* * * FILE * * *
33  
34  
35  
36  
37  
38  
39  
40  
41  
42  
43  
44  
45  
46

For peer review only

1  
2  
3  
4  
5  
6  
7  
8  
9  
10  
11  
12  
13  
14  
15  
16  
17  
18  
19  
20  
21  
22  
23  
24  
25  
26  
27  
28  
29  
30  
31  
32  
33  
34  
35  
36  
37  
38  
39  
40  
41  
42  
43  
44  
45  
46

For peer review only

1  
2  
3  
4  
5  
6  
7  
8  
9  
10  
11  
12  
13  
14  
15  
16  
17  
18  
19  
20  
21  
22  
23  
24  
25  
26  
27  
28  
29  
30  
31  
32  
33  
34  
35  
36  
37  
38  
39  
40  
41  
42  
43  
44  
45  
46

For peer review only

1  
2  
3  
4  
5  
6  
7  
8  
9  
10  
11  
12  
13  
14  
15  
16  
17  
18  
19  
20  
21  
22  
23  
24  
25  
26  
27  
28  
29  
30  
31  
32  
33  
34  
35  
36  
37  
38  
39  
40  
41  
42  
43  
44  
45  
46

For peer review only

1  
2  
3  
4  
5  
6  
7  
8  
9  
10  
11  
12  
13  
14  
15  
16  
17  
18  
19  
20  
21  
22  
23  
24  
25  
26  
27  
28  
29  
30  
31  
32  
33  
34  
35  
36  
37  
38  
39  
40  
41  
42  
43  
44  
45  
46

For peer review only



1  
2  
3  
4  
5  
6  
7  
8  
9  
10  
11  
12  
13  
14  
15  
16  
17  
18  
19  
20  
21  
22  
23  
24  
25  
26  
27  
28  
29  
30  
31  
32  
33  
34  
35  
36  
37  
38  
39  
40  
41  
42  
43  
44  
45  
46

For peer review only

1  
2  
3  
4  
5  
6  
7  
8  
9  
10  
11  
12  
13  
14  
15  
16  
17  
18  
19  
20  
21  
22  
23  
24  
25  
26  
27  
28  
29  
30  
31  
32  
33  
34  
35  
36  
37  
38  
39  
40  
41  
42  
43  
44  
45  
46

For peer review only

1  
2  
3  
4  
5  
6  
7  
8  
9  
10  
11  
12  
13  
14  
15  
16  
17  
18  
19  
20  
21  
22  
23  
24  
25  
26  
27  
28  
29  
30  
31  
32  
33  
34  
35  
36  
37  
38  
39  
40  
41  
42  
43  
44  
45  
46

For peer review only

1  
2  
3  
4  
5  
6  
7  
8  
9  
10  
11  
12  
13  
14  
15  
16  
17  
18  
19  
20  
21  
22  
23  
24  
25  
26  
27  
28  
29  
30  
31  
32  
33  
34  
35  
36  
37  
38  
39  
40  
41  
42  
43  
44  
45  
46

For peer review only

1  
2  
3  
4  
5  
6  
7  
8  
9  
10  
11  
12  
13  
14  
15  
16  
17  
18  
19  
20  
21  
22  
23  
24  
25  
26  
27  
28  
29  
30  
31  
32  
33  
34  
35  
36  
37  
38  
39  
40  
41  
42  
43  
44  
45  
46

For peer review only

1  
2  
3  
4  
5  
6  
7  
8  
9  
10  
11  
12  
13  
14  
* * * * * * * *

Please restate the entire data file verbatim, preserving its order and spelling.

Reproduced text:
33  
34  
35  
36  
37  
38  
39  
40  
41  
42  
43  
44  
45  
46

For peer review only

1  
2  
3  
4  
5  
6  
7  
8  
9  
10  
11  
12  
13  
14  
15  
16  
17  
18  
19  
20  
21  
22  
23  
24  
25  
26  
27  
28  
29  
30  
31  
32  
33  
34  
35  
36  
37  
38  
39  
40  
41  
42  
43  
44  
45  
46

For peer review only

1  
2  
3  
4  
5  
6  
7  
8  
9  
10  
11  
12  
13  
14  
15  
16  
17  
18  
19  
20  
21  
22  
23  
24  
25  
26  
27  
28  
29  
30  
31  
32  
33  
34  
35  
36  
37  
38  
39  
40  
41  
42  
43  
44  
45  
46

For peer review only

1  
2  
3  
4  
5  
6  
7  
8  
9  
10  
11  
12  
13  
14  
15  
16  
17  
18  
19  
20  
21  
22  
23  
24  
25  
26  
27  
28  
29  
30  
31  
32  
33  
34  
35  
36  
37  
38  
39  
40  
41  
42  
43  
44  
45  
46

For peer review only

1  
2  
3  
4  
5  
6  
7  
8  
9  
10  
11  
12  
13  
14  
15  
16  
17  
18  
19  
20  
21  
22  
23  
24  
25  
26  
27  
28  
29  
30  
31  
32  
33  
34  
35  
36  
37  
38  
39  
40  
41  
42  
43  
44  
45  
46

For peer review only



1  
2  
3  
4  
5  
6  
7  
8  
9  
10  
11  
12  
13  
14  
15  
16  
17  
18  
19  
20  
21  
22  
23  
24  
25  
26  
27  
28  
29  
30  
31  
32  
33  
34  
35  
36  
37  
38  
39  
40  
41  
42  
43  
44  
45  
46

For peer review only

1  
2  
3  
4  
5  
6  
7  
8  
9  
10  
11  
12  
13  
14  
15  
16  
17  
18  
19  
20  
21  
22  
23  
24  
25  
26  
27  
28  
29  
30  
31  
32  
33  
34  
35  
36  
37  
38  
39  
40  
41  
42  
43  
44  
45  
46

For peer review only

1  
2  
3  
4  
5  
6  
7  
8  
9  
10  
11  
12  
13  
14  
15  
16  
17  
18  
19  
20  
21  
22  
23  
24  
25  
26  
27  
28  
29  
30  
31  
32  
33  
34  
35  
36  
37  
38  
39  
40  
41  
42  
43  
44  
45  
46

For peer review only

1  
2  
3  
4  
5  
6  
7  
8  
9  
10  
11  
12  
13  
14  
15  
16  
17  
18  
19  
20  
21  
22  
23  
24  
25  
26  
27  
28  
29  
30  
31  
32  
33  
34  
35  
36  
37  
38  
39  
40  
41  
42  
43  
44  
45  
46

For peer review only

1  
2  
3  
4  
5  
6  
7  
8  
9  
10  
11  
12  
13  
14  
15  
16  
17  
18  
19  
20  
21  
22  
23  
24  
25  
26  
27  
28  
29  
30  
31  
32  
33  
34  
35  
36  
37  
38  
39  
40  
41  
42  
43  
44  
45  
46

For peer review only

1  
2  
3  
4  
5  
6  
7  
8  
9  
10  
11  
12  
13  
14  